Guest Blogger – Martin Ewen – “She Smiled”- a recollection

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You have to be absurdly fearless to perform on the street. You are auditioning for your life. You have to believe in something, anything at all, and expose your concern, your faith, your fearlessness to the world at large hoping you have disguised your abject terror sufficiently. Bravado masking a hopefully insular desperation for affection….Well that’s a bit cruel, sure you want affection, who doesn’t, but it can be a little more profound than that if you give yourself space and over the years synthesize your motive down to one immutable nugget

If you fail to ignite a flame of curiosity and commitment from the fuel of passers-by smoldering with indifference then that small flame of your own, brought out and placed exposed risks extinguishment.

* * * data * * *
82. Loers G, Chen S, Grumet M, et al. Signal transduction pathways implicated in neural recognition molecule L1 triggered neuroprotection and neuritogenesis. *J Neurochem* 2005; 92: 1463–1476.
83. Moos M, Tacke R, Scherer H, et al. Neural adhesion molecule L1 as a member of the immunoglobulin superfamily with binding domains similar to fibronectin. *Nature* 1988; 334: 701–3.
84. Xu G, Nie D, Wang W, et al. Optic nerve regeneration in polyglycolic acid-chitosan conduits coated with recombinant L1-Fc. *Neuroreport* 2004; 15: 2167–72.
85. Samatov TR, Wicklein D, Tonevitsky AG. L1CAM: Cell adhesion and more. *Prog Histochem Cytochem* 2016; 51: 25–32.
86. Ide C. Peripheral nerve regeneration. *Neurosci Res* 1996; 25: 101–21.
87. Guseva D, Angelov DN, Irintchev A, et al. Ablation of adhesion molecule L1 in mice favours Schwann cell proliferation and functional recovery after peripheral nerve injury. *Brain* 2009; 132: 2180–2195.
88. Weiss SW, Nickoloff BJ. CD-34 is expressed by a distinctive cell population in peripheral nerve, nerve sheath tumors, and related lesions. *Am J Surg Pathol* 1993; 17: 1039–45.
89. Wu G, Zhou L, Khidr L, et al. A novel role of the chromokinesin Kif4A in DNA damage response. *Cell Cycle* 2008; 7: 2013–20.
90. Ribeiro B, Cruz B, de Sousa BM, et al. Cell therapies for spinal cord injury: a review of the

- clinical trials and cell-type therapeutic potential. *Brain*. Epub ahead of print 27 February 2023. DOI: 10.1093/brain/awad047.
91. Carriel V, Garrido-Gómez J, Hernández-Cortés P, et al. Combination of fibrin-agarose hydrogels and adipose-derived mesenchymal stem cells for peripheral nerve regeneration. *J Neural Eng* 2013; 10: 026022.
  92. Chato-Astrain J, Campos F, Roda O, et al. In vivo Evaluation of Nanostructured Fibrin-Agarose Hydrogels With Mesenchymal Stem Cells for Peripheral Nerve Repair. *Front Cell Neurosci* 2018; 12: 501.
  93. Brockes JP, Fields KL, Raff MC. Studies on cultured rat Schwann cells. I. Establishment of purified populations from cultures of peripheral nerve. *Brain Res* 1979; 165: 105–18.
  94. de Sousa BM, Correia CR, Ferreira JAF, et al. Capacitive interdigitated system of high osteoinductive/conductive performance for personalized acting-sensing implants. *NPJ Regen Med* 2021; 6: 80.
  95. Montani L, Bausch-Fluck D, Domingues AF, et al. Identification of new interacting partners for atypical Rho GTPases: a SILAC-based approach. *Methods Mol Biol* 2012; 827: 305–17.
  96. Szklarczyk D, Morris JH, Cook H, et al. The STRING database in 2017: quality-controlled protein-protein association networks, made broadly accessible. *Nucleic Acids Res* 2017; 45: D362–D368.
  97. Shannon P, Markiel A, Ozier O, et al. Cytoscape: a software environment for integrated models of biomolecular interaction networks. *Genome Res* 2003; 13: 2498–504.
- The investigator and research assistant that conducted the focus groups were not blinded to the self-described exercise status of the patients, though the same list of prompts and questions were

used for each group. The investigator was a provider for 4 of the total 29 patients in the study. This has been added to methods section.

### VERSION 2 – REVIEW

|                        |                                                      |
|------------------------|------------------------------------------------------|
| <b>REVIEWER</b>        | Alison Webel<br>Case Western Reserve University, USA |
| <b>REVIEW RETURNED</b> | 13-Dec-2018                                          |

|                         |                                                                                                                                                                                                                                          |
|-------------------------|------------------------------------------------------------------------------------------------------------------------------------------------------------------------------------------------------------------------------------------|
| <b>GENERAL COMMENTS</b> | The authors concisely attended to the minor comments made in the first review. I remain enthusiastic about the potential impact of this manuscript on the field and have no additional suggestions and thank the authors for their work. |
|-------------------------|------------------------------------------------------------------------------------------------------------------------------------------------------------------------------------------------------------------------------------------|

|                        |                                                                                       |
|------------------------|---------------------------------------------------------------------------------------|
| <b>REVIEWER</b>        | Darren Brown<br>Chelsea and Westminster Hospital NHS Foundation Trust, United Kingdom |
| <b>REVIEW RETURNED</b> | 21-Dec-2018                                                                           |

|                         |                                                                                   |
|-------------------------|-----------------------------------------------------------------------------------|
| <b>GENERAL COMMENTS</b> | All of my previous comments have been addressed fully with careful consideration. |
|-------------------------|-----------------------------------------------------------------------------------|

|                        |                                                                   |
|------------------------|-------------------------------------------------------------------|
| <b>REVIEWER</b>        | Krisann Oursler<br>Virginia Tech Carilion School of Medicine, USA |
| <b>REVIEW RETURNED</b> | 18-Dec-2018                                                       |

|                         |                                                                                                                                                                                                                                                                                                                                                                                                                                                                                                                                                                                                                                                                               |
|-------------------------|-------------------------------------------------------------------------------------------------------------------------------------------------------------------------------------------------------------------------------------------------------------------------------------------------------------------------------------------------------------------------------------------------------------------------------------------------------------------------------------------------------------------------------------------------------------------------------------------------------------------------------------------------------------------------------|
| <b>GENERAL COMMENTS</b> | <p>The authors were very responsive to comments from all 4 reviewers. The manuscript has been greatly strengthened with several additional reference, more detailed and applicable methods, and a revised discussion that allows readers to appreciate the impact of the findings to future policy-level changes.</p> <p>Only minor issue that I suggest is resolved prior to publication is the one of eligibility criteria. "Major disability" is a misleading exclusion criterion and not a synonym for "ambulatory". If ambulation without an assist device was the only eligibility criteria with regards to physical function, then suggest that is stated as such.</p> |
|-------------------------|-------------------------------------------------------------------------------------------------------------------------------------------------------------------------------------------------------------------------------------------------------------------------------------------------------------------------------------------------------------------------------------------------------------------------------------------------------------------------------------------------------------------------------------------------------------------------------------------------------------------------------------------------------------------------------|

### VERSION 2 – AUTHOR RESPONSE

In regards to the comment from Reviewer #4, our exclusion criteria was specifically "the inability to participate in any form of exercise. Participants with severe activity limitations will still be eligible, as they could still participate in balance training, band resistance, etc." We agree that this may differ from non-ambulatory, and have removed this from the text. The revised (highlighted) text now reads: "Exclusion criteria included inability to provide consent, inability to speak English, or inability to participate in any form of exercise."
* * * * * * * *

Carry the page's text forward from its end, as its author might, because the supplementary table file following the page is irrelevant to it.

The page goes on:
For all the pat doggerel about love lost being superior to not having loved at all the attraction of yourself being a dry latent wick rather than a doused failure is self evidently attractive to any street performer who tries and fails and walks away a soggy wick.
I may labor the illumination metaphor however I do so because my one immutable nugget is this…
I want to bring light into the world.
I’ve seen it individually and in audiences, the light. It’s very strong but soft. My Clown is kindling and my structures and form are small puffs applied to the spark that is my ambition to create and amplify the light that is the momentary celebration of life’s random goodness.

You have to do one thing well. You also need to identify and remember that one thing rather than presuming that anything will do.
Because audiences are your own kind and they resonate. They simply will not invest more than you do in your show. A common mistake is to see them as objects to be moved about with simple slights of mind, to lose sight of yourself as prey in the sense that any audience condescends it’s attention.

You can do the smallest thing and if it means the world to you that’s enough.